SEN magazine is the latest to enter scene in Baltimore

Graphic designer Nguyen puts out entertainment publication


Mike Nguyen has no grand plan to become a publishing magnate. He just wants to get the word out.

Working on a shoestring, the 30-year-old graphic designer has put together the first issue of a pocket-sized, full-color magazine about Baltimore nightlife, entertainment, food, bands and other subjects "dear to the hearts of the partying class," he says. It's something he has wanted to do for nine years.

"The impression was always that if you wanted to do anything cool as far as clubs or going to a concert, you had to go to D.C.," Nguyen says in his modest home office on North Calvert Street in Charles Village, where the local Donna's coffeehouse serves as a handy spot for staff meetings. "But the way Baltimore has been improving in the last few years -- better clubs, better concerts and bands, better places to go -- the motivation now is that you don't have to go anywhere else."

The first edition of SEN (pronounced scene), with a run of 10,000 free copies, is already on the streets here. Nguyen, photographer Max Glanville, a small band of freelance writers and three ad salespeople are working on a second edition, due out at the end of August. So far, there's no money to pay anyone.

Nguyen, who says he studied at Maryland Institute College of Art for two years before dropping out for financial reasons, runs a multimedia and graphic-design firm called Retroforward LLC. He put up the money for the first issue of SEN himself and says his publication aims to "fall somewhere" between City Paper and Baltimore magazine.

"The City Paper gets a little bulky to carry around," he says, referring to the tabloid-sized alternative weekly, whose most recent edition had 128 pages. "We're not trying to be another City Paper. The key word for us is portability. Girls can put it in their purses."

The idea, he concedes, is not new. "All the major cities have one," Nguyen said. "I just wanted to bring one to Baltimore."

Nguyen, whose parents emigrated from Vietnam in 1975, worked several years ago as the designer of another niche publication in Baltimore, aimed at the gay market. It folded. More recently, he spent three months designing a makeover for a local nightlife publication, but the project never came to fruition.

"In a way, I'm glad it didn't work out," Nguyen says, "because otherwise I wouldn't have had the motivation to go out on my own."

At first glance, the new 32-page magazine -- which fits snugly in a rear jeans pocket -- is a compendium of party photos, music reviews, concert listings and pithy articles.

A writer named David Policastri reviews CDs and plans in future issues to critique video games and comic books as well. In the first issue, his reviews include one of a bass-and-drums band called Om. He writes of the band's "trudging riffs" and "hypnotic drumming" on the album Conference of the Birds and says, "If you are no stranger to mind-altering substances, then you will more than likely become a fan of Om."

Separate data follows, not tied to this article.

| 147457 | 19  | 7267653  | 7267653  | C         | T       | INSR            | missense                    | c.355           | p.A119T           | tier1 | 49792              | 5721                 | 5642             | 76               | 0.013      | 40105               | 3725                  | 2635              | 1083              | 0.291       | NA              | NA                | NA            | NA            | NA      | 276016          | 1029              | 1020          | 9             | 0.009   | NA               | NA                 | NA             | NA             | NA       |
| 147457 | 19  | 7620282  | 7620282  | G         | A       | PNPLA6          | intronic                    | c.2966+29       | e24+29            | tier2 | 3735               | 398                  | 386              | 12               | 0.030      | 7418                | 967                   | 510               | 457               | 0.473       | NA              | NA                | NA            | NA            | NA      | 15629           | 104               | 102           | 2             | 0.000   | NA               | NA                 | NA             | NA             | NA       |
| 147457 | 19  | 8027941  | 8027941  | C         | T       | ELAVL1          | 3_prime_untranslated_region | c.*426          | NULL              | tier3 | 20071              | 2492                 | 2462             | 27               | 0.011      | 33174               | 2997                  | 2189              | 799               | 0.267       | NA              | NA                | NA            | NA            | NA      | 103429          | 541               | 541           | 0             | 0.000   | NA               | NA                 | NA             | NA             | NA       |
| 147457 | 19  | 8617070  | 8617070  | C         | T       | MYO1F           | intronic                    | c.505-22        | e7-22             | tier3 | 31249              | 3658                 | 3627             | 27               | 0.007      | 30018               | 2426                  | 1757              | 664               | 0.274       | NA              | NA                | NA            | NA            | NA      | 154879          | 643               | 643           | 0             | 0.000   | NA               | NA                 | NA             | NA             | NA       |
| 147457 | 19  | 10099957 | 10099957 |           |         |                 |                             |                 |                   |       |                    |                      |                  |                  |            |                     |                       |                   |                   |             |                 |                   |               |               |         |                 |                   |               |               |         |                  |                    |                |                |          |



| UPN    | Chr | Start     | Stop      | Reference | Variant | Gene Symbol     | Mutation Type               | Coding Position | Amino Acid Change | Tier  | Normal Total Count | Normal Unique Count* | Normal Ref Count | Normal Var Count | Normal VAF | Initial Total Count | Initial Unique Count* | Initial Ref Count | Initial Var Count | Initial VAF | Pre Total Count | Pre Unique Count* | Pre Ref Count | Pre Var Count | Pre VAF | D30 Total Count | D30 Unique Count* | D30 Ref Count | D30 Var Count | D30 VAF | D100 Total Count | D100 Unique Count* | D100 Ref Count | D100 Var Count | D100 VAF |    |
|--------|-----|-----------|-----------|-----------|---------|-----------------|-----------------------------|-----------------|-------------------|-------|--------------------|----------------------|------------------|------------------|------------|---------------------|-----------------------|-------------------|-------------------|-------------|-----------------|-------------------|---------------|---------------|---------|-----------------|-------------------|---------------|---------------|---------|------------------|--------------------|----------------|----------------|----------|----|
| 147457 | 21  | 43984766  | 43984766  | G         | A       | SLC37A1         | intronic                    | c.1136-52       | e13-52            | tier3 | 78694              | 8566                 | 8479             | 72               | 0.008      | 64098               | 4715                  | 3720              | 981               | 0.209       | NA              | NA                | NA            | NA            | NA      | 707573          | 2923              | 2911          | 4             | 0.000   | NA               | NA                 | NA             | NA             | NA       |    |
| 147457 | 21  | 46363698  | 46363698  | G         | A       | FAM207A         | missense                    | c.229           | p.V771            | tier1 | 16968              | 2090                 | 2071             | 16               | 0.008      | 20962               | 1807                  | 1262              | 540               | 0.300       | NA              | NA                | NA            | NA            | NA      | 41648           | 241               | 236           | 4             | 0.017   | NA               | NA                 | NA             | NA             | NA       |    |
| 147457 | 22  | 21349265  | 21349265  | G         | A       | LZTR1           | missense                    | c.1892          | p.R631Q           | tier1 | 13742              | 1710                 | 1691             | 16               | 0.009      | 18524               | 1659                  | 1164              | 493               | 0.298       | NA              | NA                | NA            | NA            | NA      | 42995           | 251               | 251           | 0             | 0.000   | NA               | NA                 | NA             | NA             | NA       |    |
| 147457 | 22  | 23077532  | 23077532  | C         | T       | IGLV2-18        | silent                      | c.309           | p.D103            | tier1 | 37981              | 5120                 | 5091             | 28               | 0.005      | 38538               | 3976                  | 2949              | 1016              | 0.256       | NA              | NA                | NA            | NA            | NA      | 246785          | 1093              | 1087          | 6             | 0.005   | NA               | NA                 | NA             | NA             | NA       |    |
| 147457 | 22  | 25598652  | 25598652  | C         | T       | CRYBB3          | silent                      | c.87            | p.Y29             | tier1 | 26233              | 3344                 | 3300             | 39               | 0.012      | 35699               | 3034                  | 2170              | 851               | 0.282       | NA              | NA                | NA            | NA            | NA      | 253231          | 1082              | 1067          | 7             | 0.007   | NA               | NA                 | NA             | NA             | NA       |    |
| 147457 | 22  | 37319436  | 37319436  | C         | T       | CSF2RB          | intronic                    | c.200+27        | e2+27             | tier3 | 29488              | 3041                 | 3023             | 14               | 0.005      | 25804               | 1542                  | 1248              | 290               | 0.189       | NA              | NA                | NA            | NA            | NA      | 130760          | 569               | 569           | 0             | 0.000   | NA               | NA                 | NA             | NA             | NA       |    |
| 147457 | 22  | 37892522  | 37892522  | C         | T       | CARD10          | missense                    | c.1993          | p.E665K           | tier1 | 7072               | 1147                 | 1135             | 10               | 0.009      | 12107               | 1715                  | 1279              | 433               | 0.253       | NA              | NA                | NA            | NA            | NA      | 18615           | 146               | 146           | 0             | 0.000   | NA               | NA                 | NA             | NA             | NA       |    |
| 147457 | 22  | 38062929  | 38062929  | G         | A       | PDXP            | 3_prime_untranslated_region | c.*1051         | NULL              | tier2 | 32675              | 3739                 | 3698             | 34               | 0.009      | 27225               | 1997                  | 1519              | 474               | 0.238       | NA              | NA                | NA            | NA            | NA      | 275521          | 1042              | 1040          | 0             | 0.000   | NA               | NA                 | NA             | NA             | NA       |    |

Pete Munsey writes a column called "Drinking Class." Its first outing consists of a "quasi-scientific" tour of Irish pubs in Baltimore in search of the perfect pint of Guinness. Munsey's reverential account of his quest, conducted in the space of a single day in the company of a "comic sidekick" and a presumably abstemious chauffeur, begins with his magnanimous assertion that "there is no such thing as a bad pint of Guinness." (He may be on to something there.)

By the end of the tour, Munsey has cheerfully lost count of pints consumed but pulls himself together sufficiently to declare Slainte, a pub on Thames Street in Fells Point, as the highest-scoring provider of the black nectar.

Another column, "Off the Record," deals with the music club scene, written by a man who identifies himself only as Hal. (Nguyen said Hal "wants to be able to say things without people knowing who he is.")

Hal states right off the bat in his column that he is "an outspoken cynic of the underground club culture." Evidently true to form, he doesn't mince words: "The underground sound has been trumped on the dance floor by overblown commercial hip-hop," he writes, and goes on to decry "purveyors of thug-life" and "forgettable gangsta prose."

The first issue also features a first-person essay by Chris Cowan, a guitarist with the Baltimore band Two If By Sea, on his life as a musician. "We all love living in the creative, nurturing, neo-bohemia that is Baltimore," he writes, "but playing in New York, Boston or Pittsburgh opens up a whole other bag of possibilities."

That would seem to sum up Nguyen's own optimistic philosophy, at least as far as publishing SEN is concerned.

"It was a challenge, but you just have to give it a try," he said. "With the magazine, I just felt I had to put it out. If I'd waited too long, it would never have gotten done."

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